Cancer & Cookies
I cannot give enough praise to Jeff Lehman, owner of Archtop Music Therapy. Being in the field of special education, I have had experience with music therapy. I am knowledgeable with its profound benefits teaching academics, language, and social skills to students. I had no idea how powerful music therapy would be for my child’s emotional growth and the knowledge I would gain in understanding and helping my son grasp the changes in our lives. Easton is a “Mama’s boy”. He does not like to transition away from me. This behavior has strengthened since his father was diagnosed with Stage IV Carcinoid Cancer three months ago. Easton acts silly when nervous. He’s sensitive to moods and timid around new people.
Mr. Jeff came to our house and approached my son gently, winning him over by talking about his interests. I think at one point Jeff even played super heroes with Easton. Mr. Jeff met him on his level and slowly introduced his instruments and computer. He was patient with Easton, letting him explore but also teaching him how to appropriately play the guitar and keyboard. Mr. Jeff strengthened his relationship with Easton playing his favorite song, Little Red Caboose. I am in aw that Mr. Jeff learned it just for him. Mr. Jeff made it fun and gave Easton control of the tempo. They even changed the song’s words making up a new version. They laughed and sang loudly and softly. It was a joy to see! As Mr. Jeff continued to expand their relationship, he slowly began asking Easton about his feelings regarding the changes he was experiencing since his father became ill. I was shocked at how much Easton shared. I learned so much. I’m not sure if it was Jeff’s questions or his ability to form a comforting relationship with Easton. Either way it was obvious that Jeff knew exactly what he was doing. Their rapport was strong and Easton began sharing. I was unaware of his thoughts and feelings. He was unable or unwilling to express these with me. Mr. Jeff and his musical therapy approach was amazing! He did not dwell on the negative feelings or grief that Easton expressed. He chose to ask pointed questions about the positive experiences Easton shares with his father. Leading the conversation to the positive quickly made for an extremely memorable song that our family cherishes! Mr. Jeff lead and directed Easton through asking questions, giving choices and together rhyming words to compose a song. Easton’s vocabulary grew throughout the experience.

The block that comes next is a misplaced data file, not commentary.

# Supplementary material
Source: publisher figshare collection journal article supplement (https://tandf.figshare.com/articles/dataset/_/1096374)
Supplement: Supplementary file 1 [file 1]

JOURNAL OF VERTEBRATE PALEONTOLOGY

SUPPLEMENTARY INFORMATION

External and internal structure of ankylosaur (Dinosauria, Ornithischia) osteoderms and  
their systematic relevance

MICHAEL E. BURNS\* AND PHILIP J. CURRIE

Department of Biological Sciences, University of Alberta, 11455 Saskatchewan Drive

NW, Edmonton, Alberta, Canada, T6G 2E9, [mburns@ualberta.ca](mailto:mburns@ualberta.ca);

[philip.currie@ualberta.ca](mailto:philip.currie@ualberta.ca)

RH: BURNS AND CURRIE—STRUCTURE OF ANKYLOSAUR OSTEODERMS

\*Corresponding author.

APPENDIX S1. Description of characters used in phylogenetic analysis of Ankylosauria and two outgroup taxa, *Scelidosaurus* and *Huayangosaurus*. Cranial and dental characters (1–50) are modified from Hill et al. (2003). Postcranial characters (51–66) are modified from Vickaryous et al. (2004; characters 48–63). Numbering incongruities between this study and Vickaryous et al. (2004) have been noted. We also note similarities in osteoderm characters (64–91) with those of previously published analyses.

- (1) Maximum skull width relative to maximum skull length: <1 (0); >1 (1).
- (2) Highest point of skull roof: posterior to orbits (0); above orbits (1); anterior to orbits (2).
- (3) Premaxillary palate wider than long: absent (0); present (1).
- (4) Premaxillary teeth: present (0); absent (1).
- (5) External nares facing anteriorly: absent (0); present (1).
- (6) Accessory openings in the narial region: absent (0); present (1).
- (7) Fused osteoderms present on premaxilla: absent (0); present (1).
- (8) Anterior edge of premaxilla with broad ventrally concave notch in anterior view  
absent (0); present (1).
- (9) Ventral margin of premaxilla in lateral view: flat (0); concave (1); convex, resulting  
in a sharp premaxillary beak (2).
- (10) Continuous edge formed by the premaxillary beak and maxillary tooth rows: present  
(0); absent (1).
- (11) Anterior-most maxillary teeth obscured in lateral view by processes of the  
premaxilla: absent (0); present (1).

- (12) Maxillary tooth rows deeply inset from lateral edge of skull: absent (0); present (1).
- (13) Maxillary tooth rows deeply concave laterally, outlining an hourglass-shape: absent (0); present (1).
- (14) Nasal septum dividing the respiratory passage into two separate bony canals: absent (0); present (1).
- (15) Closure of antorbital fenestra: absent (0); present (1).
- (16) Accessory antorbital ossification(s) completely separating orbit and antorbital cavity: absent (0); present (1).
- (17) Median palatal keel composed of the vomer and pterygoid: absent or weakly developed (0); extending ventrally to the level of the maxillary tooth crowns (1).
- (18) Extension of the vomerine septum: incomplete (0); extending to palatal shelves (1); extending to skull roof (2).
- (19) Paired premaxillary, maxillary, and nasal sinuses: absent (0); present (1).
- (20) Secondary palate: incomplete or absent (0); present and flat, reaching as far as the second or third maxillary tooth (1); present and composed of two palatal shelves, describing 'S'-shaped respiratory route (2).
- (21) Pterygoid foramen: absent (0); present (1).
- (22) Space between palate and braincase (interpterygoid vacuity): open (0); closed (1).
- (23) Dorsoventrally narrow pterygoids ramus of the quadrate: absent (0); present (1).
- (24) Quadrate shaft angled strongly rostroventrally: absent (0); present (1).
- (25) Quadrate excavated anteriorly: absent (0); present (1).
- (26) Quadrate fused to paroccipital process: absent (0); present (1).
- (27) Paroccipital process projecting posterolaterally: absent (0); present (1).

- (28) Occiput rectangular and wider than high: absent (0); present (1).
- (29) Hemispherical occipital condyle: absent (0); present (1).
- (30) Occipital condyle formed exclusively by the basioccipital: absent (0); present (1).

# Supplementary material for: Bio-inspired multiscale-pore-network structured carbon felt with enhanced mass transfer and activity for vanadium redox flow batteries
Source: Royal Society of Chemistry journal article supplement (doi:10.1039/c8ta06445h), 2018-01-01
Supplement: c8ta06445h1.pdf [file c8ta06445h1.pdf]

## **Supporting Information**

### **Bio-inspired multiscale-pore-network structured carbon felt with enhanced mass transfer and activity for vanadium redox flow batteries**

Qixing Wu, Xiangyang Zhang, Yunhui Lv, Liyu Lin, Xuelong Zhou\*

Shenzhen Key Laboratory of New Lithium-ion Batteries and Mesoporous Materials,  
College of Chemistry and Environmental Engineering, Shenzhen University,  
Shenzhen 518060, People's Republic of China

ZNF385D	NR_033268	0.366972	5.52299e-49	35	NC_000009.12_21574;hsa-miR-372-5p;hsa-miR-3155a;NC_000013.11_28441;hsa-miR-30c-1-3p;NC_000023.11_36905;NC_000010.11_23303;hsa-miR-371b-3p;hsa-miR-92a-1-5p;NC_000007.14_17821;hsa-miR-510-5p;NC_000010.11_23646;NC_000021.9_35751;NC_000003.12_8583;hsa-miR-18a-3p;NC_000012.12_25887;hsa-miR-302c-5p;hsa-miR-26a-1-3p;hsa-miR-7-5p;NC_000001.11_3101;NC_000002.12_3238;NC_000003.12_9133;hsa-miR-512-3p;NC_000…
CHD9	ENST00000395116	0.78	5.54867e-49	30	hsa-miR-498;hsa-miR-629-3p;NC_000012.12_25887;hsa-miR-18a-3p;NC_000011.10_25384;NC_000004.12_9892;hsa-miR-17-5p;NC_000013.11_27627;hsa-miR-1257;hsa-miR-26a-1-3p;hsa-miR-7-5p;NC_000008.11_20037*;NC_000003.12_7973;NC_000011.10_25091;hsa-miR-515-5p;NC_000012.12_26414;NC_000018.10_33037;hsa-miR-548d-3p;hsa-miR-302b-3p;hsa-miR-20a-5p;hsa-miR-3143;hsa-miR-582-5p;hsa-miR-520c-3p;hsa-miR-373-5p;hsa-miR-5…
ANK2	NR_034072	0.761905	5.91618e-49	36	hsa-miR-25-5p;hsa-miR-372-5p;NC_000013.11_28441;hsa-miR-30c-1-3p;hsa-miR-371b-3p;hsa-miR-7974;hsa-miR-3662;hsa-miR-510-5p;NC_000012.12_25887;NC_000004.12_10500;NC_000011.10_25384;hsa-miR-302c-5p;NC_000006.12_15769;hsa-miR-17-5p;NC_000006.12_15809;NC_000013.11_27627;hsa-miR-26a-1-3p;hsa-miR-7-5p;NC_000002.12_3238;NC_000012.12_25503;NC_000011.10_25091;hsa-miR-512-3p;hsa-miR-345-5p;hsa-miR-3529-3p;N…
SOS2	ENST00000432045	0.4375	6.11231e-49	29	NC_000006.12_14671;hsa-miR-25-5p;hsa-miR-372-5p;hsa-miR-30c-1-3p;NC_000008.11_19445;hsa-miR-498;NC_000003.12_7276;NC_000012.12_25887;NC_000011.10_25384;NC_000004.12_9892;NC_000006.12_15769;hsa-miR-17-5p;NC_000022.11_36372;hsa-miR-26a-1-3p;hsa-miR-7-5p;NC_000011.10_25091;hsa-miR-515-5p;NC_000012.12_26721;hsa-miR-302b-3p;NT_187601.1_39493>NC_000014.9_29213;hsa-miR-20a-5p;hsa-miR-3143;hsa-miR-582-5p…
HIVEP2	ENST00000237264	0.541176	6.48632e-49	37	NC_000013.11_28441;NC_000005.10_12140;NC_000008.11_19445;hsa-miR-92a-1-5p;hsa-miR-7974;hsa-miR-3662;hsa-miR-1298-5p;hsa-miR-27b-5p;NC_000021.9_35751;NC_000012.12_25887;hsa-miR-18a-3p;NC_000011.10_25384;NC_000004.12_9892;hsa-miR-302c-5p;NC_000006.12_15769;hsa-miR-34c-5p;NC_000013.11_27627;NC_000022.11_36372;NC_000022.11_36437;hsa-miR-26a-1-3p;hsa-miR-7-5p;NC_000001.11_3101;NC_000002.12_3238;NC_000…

Mr. Jeff was able to redirect Easton when he was silly and rambunctious. He kept it playful and captivated his attention. He ended the session on a positive. He even left us with an activity for Easton to learn the words. It was a long song and since Easton is not yet reading, then the practicing would make his participation in the final recording stronger. What a great idea!
Easton has been silly practicing. I think he knows most of the words. Although he has changed some. For example, Easton says “neat” is what old people say. He thinks “playing super heroes is real fun”. It doesn’t rhyme but he likes it! I love that he has taken ownership of his song. He even sings the melody with different words making new songs.